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Science & Technology

Building Connections at Philly Materials Science & Engineering Day

March 13, 2018

Getting up close and personal with the animal armor of an armadillo with the Academy of Natural Sciences at Philly Materials Day 2018.
Getting up close and personal with the animal armor of an armadillo with the Academy of Natural Sciences at Philly Materials Day 2018.

Last February, Drexel University freshman Engy Khoshit was a North Penn High School senior attending the annual Philly Materials Science & Engineering Day. Better known as Philly Materials Day, the event connects local K-12 students and community members with undergraduate and graduate students from the College of Engineering’s Department of Materials Science and Engineering (Drexel Materials), the University of Pennsylvania and other partners for a day of workshops and hands-on demonstrations related to the field of materials science and engineering. Partly because of that experience, Koshit went on to enroll at Drexel and today is a Dragon in the College of Engineering pursuing her passion for discovery.

Since 2011, Drexel Materials has hosted Philly Materials Day on Drexel’s University City Campus. One of those partner presenters, North Penn High School, has been participating in the event for six years, forging a meaningful connection between the high school students and a potential future alma mater.

Before coming to the University, Koshit attended Philly Materials Day during her last two years at North Penn High School in Lansdale, Pennsylvania. She said she always noticed how crowded and diverse the event was, and that engaging with science and engineering enthusiasts and learners made her more determined to stay involved in those fields as time went on. During her senior year, she presented on wireless energy transfer via high frequency coupling as part of North Penn’s “Engineering Design and Development Class.”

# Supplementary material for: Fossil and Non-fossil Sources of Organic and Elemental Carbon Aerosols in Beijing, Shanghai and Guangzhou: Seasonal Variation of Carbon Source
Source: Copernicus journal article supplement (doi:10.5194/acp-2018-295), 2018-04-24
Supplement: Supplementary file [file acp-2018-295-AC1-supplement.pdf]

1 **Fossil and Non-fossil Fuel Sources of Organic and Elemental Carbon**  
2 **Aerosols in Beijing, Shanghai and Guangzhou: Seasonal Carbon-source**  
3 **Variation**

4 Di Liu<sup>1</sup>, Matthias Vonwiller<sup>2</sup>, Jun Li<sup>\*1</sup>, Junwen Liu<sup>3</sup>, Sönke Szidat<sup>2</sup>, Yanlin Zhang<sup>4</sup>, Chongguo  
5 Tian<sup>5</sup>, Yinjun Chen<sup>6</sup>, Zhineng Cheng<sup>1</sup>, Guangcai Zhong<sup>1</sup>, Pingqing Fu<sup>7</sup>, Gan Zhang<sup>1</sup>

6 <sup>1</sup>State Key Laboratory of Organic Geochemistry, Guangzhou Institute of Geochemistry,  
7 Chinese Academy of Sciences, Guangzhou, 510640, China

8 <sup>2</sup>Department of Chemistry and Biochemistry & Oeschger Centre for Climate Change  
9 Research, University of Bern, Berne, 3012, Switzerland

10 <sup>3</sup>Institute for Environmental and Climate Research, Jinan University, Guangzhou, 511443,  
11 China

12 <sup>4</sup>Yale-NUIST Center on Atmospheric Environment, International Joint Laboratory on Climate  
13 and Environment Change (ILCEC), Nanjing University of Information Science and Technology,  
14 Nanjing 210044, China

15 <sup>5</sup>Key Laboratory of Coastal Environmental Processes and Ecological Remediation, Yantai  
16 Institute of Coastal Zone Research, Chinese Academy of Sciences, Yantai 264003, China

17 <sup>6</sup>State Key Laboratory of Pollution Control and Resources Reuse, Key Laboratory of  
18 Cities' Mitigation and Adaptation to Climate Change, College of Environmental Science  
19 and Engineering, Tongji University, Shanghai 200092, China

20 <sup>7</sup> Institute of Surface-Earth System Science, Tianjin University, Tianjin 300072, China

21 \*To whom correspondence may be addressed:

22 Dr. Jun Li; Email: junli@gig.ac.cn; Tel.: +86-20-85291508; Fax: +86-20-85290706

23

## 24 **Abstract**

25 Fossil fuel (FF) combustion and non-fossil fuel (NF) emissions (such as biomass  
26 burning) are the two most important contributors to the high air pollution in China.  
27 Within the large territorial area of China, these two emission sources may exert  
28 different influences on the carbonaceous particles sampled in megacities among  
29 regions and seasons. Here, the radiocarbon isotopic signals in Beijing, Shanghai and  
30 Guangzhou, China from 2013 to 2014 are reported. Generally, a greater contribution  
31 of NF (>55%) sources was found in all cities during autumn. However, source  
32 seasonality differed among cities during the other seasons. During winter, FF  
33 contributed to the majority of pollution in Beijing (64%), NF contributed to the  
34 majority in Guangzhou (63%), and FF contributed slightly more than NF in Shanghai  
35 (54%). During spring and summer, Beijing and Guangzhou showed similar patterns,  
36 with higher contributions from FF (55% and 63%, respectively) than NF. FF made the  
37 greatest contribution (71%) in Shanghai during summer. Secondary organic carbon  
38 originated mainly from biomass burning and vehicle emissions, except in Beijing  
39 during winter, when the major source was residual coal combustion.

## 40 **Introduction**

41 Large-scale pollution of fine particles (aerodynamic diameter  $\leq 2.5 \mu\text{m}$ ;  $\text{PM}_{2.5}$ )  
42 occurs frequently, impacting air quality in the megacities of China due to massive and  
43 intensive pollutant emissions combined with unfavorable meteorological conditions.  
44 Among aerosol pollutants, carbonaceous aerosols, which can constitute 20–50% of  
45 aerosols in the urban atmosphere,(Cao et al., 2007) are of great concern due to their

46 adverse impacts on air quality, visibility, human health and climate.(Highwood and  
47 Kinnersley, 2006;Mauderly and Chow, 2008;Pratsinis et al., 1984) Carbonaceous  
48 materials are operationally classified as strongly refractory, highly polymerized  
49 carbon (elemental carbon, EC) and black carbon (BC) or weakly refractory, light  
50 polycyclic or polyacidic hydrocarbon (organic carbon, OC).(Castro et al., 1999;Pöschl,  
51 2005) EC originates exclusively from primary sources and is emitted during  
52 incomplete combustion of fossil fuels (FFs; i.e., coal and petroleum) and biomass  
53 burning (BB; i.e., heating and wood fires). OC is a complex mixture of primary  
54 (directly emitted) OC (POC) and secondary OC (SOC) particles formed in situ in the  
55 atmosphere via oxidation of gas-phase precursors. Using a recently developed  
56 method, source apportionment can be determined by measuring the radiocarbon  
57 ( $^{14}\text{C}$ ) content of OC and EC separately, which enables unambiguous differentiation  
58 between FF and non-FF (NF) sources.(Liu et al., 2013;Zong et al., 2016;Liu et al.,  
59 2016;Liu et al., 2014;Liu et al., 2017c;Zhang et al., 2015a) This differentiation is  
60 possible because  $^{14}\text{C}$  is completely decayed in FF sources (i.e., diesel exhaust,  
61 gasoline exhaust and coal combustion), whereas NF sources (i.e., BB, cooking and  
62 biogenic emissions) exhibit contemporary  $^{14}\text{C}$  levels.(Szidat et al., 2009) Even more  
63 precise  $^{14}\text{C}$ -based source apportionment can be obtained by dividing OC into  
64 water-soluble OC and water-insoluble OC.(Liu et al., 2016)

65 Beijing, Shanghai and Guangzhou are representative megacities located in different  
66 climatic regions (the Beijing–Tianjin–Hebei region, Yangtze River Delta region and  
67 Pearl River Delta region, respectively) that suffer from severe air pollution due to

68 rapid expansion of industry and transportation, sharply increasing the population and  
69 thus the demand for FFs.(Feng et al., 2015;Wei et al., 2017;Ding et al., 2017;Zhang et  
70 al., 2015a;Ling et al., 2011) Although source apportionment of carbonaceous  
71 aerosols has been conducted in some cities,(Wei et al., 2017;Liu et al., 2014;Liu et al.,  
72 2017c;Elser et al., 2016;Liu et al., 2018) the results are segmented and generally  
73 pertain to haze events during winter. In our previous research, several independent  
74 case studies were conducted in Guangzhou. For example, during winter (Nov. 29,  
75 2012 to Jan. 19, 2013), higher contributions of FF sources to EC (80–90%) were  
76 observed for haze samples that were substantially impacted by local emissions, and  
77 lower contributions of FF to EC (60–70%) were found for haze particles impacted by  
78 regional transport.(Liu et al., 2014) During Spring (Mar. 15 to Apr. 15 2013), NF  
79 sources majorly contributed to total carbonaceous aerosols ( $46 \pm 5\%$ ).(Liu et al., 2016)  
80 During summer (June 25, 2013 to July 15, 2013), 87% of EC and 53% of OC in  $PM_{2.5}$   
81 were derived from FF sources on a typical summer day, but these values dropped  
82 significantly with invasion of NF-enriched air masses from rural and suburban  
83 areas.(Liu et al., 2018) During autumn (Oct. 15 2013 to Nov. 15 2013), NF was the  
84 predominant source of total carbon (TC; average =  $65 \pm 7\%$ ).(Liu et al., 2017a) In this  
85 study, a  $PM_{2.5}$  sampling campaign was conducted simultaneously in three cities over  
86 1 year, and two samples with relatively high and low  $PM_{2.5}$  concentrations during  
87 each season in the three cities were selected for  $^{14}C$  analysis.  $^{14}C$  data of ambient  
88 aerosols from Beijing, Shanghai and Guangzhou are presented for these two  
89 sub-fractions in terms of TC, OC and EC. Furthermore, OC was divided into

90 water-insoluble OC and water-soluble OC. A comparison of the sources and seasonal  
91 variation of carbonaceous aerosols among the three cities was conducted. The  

“I was really interested in Drexel after speaking with a lot of the students who were presenting on behalf of Drexel,” she said. “Some of them were involved in research and expressed how easy and common it was for a materials engineering student to have these opportunities at Drexel.”

Engy Khoshit volunteering at last year's Philly Materials Science & Engineering Day as a senior at North Penn High School. This year, she volunteered as a Drexel freshman.
Engy Khoshit volunteering at last year's Philly Materials Science & Engineering Day as a senior at North Penn High School. This year, she volunteered as a Drexel freshman.

She also met with Drexel Materials Department Head and Professor Michele Marcolongo, PhD, who urged Khoshit to contact her with any questions. That experience, she said, “definitely played a huge factor in determining how much a faculty member cared about its student and which university would provide that close relationship.”

Now in her second term at Drexel, Khoshit was one of the 80 Dragons who volunteered at this year’s event. She worked at the event to fulfill the community service requirement required by her Civic 101 course — a “bonus two-in-one” deal, she said, because she was planning on volunteering anyway. She presented on hydrophobic and hydrophilic (not dissolvable or dissolvable in water) properties of different typical household items.